8. Mitsuoka T. The Human Gastrointestinal Tract. In: The Lactic Acid Bacteria Volume 1. Springer US; 1992:69-114. doi:10.1007/978-1-4615-3522-5_4

9. Hallen-Adams HE, Suhr MJ. Fungi in the healthy human gastrointestinal tract. Virulence. 2017;8(3):352. doi:10.1080/21505594.2016.1247140

10. Hof H. Pilze im Darm – das Mykobiom des Darms. Z Gastroenterol. 2017;55(8):772-778. doi:10.1055/s-0043-112657

11. Gwenzi W, Chaukura N, Muisa-Zikali N, et al. Insects, rodents, and pets as reservoirs, vectors, and sentinels of antimicrobial resistance. Antibiotics. 2021;10(1):1-42. doi:10.3390/antibiotics10010068

12. Serial Dilutions and Plating: Microbial Enumeration | Protocol. Accessed May 14, 2021. https://www.jove.com/v/10507/serial-dilutions-and-plating-microbial-enumeration

13. Bassiri E. Microbiology BIOL 275.

14. (PDF) Microbiology Laboratory Manual. Accessed May 14, 2021. https://www.researchgate.net/publication/306018042_Microbiology_Laboratory_Manual

15. clsi 2017 pdf – Google Search. Accessed May 14, 2021. https://www.google.com/search?q=clsi+2017+pdf&oq=clsi+2017&aqs=chrome.1.69i57j0l3j0i22i30l6.6682j0j15&sourceid=chrome&ie=UTF-8

16. Fujimura KE, Slusher NA, Cabana MD, Lynch S V. Role of the gut microbiota in defining human health. Expert Rev Anti Infect Ther. 2010;8(4):435-454. doi:10.1586/eri.10.14

17. Wen L, Duffy A. Factors influencing the gut microbiota, inflammation, and type 2 diabetes. J Nutr. 2017;147(7):1468S-1475S. doi:10.3945/jn.116.240754

18. Stringer AM, Gibson RJ, Logan RM, et al. Gastrointestinal microflora and mucins may play a critical role in the development of 5-fluorouracil-induced gastrointestinal mucositis. Exp Biol Med. 2009;234(4):430-441. doi:10.3181/0810-RM-301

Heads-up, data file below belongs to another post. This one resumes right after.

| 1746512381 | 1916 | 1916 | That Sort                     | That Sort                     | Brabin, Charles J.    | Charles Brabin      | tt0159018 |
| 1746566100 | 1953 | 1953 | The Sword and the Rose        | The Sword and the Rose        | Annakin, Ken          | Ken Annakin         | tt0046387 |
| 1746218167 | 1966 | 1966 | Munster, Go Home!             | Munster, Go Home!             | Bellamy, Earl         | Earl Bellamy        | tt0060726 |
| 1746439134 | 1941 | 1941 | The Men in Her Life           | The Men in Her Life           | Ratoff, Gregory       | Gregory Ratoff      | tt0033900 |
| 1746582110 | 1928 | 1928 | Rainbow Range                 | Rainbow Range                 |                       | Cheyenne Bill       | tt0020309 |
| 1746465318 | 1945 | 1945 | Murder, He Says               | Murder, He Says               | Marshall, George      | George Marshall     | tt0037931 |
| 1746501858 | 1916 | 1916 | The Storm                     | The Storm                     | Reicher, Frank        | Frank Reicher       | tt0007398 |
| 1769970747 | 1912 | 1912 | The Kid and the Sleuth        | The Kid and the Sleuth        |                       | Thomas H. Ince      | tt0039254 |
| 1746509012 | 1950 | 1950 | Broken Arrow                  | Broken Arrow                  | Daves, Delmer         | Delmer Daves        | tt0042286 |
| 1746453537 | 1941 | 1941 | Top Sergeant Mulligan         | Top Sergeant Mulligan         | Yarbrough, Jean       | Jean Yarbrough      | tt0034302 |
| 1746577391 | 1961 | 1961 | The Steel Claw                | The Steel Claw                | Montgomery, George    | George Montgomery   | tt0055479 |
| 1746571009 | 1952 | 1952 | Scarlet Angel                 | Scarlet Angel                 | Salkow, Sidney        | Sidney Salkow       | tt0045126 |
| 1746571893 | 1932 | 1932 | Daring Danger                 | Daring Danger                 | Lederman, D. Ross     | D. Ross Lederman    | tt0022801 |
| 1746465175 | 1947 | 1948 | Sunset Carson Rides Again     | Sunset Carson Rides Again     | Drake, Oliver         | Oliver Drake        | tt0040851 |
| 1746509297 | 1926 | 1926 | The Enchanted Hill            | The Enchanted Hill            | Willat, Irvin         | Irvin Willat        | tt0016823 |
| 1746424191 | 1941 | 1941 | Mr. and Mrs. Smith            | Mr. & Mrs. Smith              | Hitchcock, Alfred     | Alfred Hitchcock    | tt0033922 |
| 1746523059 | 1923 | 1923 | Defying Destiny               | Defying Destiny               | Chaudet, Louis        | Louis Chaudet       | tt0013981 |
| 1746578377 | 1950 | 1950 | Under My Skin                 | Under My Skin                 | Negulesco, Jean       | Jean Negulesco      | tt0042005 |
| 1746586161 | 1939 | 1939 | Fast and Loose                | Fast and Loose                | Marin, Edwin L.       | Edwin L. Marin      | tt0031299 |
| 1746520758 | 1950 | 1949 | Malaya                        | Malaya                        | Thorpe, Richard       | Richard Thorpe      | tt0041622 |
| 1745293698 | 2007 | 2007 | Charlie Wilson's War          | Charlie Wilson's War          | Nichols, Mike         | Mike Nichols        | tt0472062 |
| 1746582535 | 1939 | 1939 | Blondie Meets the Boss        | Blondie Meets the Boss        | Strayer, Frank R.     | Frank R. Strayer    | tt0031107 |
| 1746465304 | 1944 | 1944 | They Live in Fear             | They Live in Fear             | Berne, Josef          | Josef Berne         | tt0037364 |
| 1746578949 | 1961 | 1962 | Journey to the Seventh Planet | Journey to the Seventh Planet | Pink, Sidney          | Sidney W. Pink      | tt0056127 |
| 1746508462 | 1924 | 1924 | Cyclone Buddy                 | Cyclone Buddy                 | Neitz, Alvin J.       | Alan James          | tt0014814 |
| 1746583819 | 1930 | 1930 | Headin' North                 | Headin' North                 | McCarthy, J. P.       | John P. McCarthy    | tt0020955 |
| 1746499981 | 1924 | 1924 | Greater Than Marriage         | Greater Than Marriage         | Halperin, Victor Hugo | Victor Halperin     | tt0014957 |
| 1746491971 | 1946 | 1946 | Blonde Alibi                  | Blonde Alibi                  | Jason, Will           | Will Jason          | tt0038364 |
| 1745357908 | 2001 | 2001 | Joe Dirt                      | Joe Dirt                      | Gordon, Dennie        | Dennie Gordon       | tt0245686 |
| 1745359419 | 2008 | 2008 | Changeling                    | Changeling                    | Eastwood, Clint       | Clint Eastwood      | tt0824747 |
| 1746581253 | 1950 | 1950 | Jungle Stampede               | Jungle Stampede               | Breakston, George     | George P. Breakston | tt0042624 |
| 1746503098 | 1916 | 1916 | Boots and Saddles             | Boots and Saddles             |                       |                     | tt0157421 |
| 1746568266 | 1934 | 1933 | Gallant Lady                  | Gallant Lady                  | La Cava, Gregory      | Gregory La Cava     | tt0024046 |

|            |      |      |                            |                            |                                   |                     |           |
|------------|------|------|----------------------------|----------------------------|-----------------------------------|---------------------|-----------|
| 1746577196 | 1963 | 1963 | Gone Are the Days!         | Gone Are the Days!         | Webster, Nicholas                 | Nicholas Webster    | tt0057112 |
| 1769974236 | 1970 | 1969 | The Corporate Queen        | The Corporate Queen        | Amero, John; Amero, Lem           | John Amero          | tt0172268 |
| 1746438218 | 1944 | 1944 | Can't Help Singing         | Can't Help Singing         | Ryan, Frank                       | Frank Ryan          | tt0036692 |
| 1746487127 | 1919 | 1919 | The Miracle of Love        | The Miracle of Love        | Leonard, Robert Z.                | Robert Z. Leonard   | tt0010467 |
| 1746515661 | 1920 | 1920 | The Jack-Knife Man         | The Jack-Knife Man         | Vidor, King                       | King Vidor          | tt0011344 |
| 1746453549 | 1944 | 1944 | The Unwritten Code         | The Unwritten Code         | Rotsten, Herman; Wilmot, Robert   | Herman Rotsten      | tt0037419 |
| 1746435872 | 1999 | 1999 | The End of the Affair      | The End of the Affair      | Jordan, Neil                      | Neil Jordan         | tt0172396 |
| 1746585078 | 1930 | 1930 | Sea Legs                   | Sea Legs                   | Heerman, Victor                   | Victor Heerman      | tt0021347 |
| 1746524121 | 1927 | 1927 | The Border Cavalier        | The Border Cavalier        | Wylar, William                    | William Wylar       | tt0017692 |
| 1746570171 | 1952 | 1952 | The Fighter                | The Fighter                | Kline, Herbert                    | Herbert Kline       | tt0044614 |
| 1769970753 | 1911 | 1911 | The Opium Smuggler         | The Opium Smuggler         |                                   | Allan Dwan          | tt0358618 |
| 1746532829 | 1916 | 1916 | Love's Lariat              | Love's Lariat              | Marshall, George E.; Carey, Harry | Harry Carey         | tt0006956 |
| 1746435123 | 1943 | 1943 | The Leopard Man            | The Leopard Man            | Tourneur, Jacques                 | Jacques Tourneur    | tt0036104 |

19. Tomas J, Langella P, Cherbuy C. The intestinal microbiota in the rat model: major breakthroughs from new technologies. Anim Health Res Rev. 2012;13(1):54-63. doi:10.1017/S1466252312000072

20. Fidel PL. Candida albicans: from commensal to pathogen. In: Medical Importance of the Normal Microflora. Springer US; 1999:441-476. doi:10.1007/978-1-4757-3021-0_18

21. Böhm L, Torsin S, Tint SH, Eckstein MT, Ludwig T, Pérez JC. The yeast form of the fungus Candida albicans promotes persistence in the gut of gnotobiotic mice. PLoS Pathog. 2017;13(10). doi:10.1371/journal.ppat.1006699

22. Basmaciyan L, Bon F, Paradis T, Lapaquette P, Dalle F. “Candida Albicans Interactions With The Host: Crossing The Intestinal Epithelial Barrier.” Tissue Barriers. 2019;7(2). doi:10.1080/21688370.2019.1612661

23. Huff R, Pereira RI, Pissetti C, et al. Antimicrobial resistance and genetic relationships of enterococci from siblings and non-siblings Heliconius erato phyllis caterpillars. PeerJ. 2020;2020(2). doi:10.7717/peerj.8647

24. Pietri JE. Case not closed: Arguments for new studies of the interactions between bed bugs and human pathogens. Am J Trop Med Hyg. 2020;103(2):619-624. doi:10.4269/ajtmh.20-0121

25. Kruse H, Sørum H. Transfer of multiple drug resistance plasmids between bacteria of diverse origins in natural microenvironments. Appl Environ Microbiol. 1994;60(11).

26. Kolawole OM, Anjorin EO, Adekanle DA, Kolawole CF, Durowade KA. Seroprevalence of rubella IgG antibody in pregnant women in osogbo, Nigeria. Int J Prev Med. 2014;5(3):287-292. Accessed December 5, 2020. /pmc/articles/PMC4018637/?report=abstract